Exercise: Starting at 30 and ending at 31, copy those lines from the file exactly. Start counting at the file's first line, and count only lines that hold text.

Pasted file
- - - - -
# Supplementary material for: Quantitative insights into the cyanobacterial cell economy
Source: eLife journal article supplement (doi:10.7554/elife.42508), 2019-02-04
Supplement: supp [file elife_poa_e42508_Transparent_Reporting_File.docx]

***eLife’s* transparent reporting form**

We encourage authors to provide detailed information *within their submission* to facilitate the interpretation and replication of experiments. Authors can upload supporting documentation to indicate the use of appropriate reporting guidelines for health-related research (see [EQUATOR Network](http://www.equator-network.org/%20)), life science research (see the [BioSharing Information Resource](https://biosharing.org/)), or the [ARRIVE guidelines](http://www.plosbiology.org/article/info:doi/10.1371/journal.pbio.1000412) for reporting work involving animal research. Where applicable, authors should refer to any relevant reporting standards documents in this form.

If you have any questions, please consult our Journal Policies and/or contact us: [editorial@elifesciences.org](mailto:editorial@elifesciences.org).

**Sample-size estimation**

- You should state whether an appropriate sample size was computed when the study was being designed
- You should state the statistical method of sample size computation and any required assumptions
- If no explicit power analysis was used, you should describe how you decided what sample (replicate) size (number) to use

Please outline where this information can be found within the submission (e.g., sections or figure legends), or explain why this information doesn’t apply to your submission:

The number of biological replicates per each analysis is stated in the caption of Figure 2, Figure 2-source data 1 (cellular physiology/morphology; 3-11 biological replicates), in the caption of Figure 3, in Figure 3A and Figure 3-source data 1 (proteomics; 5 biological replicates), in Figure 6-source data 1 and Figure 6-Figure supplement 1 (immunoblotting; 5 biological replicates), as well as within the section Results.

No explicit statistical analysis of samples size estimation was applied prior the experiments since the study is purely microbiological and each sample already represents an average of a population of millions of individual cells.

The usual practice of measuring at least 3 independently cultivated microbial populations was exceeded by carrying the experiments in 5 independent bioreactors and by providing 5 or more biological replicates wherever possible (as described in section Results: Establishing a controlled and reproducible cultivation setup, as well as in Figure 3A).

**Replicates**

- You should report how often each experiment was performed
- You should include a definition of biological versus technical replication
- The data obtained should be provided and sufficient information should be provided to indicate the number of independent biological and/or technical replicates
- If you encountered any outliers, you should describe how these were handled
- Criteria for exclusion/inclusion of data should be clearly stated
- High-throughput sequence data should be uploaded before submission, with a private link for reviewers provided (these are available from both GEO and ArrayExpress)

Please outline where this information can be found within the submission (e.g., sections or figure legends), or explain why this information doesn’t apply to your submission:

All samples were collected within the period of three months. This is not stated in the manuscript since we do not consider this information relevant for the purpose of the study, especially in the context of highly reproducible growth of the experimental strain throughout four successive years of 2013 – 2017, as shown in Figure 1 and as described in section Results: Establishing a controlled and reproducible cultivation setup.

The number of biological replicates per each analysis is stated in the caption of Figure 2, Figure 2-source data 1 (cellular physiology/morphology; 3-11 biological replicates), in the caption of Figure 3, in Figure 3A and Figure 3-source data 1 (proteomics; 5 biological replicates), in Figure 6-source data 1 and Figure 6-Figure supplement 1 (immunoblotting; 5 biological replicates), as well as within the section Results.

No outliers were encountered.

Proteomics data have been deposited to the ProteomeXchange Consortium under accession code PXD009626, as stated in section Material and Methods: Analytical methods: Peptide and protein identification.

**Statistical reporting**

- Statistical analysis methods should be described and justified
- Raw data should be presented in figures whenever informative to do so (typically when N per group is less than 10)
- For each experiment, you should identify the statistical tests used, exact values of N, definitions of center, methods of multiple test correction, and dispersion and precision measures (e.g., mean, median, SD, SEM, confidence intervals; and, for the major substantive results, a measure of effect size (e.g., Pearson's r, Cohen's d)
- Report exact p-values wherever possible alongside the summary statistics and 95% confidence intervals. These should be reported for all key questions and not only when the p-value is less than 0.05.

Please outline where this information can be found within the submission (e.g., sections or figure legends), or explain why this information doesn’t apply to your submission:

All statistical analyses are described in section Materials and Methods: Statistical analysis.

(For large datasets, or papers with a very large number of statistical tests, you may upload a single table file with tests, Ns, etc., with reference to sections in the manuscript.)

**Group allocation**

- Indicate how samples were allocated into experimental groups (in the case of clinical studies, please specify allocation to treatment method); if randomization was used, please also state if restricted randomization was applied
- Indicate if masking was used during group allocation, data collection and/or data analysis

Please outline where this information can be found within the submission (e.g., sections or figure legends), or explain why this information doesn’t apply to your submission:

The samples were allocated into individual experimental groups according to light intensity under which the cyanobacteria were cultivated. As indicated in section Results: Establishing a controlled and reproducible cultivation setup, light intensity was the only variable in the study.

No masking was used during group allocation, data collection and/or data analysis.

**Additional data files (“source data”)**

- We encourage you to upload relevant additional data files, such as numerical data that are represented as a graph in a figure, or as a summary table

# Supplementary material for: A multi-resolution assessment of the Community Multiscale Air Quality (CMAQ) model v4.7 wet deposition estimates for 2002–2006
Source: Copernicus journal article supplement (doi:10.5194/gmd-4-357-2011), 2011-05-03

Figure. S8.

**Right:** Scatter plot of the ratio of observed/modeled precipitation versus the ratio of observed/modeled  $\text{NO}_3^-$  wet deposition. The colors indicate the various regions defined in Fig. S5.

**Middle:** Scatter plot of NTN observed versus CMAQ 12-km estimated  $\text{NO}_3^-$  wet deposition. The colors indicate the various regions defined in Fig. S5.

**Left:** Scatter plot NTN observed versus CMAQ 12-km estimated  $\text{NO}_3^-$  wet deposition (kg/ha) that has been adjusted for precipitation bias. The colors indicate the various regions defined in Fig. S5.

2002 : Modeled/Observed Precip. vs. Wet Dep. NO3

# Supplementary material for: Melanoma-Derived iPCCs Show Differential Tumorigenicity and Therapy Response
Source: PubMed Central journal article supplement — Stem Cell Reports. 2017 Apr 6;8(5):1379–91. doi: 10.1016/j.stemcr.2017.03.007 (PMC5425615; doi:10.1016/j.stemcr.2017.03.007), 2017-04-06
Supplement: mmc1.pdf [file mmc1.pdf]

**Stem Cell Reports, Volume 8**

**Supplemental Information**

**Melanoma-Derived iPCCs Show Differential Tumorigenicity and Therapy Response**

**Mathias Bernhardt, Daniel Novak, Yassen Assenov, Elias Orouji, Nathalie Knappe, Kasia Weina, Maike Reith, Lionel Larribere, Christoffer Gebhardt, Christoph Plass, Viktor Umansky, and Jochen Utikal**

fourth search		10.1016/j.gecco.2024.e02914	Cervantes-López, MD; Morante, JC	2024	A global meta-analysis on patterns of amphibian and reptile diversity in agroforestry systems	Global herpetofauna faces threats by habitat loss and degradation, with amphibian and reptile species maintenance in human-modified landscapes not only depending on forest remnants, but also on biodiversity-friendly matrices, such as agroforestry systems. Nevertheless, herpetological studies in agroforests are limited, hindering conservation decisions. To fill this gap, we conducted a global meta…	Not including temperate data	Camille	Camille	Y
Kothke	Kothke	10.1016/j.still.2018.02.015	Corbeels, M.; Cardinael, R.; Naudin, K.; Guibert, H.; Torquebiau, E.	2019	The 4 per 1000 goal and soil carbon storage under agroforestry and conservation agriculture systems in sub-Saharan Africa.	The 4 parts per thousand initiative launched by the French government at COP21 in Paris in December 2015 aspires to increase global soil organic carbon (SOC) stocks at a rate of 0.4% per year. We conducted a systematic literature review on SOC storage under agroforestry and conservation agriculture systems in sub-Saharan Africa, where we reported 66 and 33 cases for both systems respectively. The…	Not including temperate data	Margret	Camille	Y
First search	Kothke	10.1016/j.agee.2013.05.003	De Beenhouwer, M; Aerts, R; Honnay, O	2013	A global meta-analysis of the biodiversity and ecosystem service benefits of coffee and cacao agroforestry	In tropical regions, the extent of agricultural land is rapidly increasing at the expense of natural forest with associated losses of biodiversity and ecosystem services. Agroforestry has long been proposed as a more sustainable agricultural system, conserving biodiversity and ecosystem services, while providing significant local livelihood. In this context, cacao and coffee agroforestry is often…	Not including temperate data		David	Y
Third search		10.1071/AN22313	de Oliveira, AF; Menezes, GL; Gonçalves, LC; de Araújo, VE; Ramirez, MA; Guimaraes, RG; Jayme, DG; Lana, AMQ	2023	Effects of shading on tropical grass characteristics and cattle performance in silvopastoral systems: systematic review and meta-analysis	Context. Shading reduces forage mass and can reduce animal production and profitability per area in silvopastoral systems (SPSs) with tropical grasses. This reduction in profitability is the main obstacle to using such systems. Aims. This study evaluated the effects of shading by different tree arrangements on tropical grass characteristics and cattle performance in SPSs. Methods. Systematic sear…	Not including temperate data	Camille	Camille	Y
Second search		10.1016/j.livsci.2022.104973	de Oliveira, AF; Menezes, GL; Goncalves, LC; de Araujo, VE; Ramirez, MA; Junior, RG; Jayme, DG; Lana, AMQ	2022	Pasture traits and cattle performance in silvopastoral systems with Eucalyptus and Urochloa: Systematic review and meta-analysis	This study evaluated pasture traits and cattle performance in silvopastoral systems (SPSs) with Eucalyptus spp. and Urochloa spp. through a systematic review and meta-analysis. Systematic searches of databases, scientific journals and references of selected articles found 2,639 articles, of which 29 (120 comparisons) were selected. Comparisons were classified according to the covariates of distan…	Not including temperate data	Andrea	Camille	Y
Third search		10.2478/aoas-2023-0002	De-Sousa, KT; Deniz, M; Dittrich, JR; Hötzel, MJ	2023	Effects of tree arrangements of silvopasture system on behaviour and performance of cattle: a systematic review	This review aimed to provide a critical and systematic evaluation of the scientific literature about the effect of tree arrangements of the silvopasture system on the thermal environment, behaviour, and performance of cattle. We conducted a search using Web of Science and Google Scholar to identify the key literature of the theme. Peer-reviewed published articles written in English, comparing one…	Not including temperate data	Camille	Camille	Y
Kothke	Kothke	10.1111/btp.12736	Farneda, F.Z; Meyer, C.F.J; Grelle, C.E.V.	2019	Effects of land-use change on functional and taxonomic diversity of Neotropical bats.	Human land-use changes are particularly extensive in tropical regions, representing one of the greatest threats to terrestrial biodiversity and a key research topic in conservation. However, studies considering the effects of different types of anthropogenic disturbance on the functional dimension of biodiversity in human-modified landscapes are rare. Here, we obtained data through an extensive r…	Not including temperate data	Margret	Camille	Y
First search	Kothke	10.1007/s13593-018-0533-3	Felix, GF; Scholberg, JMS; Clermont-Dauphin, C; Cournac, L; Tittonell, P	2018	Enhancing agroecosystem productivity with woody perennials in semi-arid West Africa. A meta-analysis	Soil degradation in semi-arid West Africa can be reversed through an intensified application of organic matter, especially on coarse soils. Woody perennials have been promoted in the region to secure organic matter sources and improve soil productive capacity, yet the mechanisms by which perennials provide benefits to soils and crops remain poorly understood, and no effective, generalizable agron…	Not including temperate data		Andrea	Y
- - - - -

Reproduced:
- For each experiment, you should identify the statistical tests used, exact values of N, definitions of center, methods of multiple test correction, and dispersion and precision measures (e.g., mean, median, SD, SEM, confidence intervals; and, for the major substantive results, a measure of effect size (e.g., Pearson's r, Cohen's d)
- Report exact p-values wherever possible alongside the summary statistics and 95% confidence intervals. These should be reported for all key questions and not only when the p-value is less than 0.05.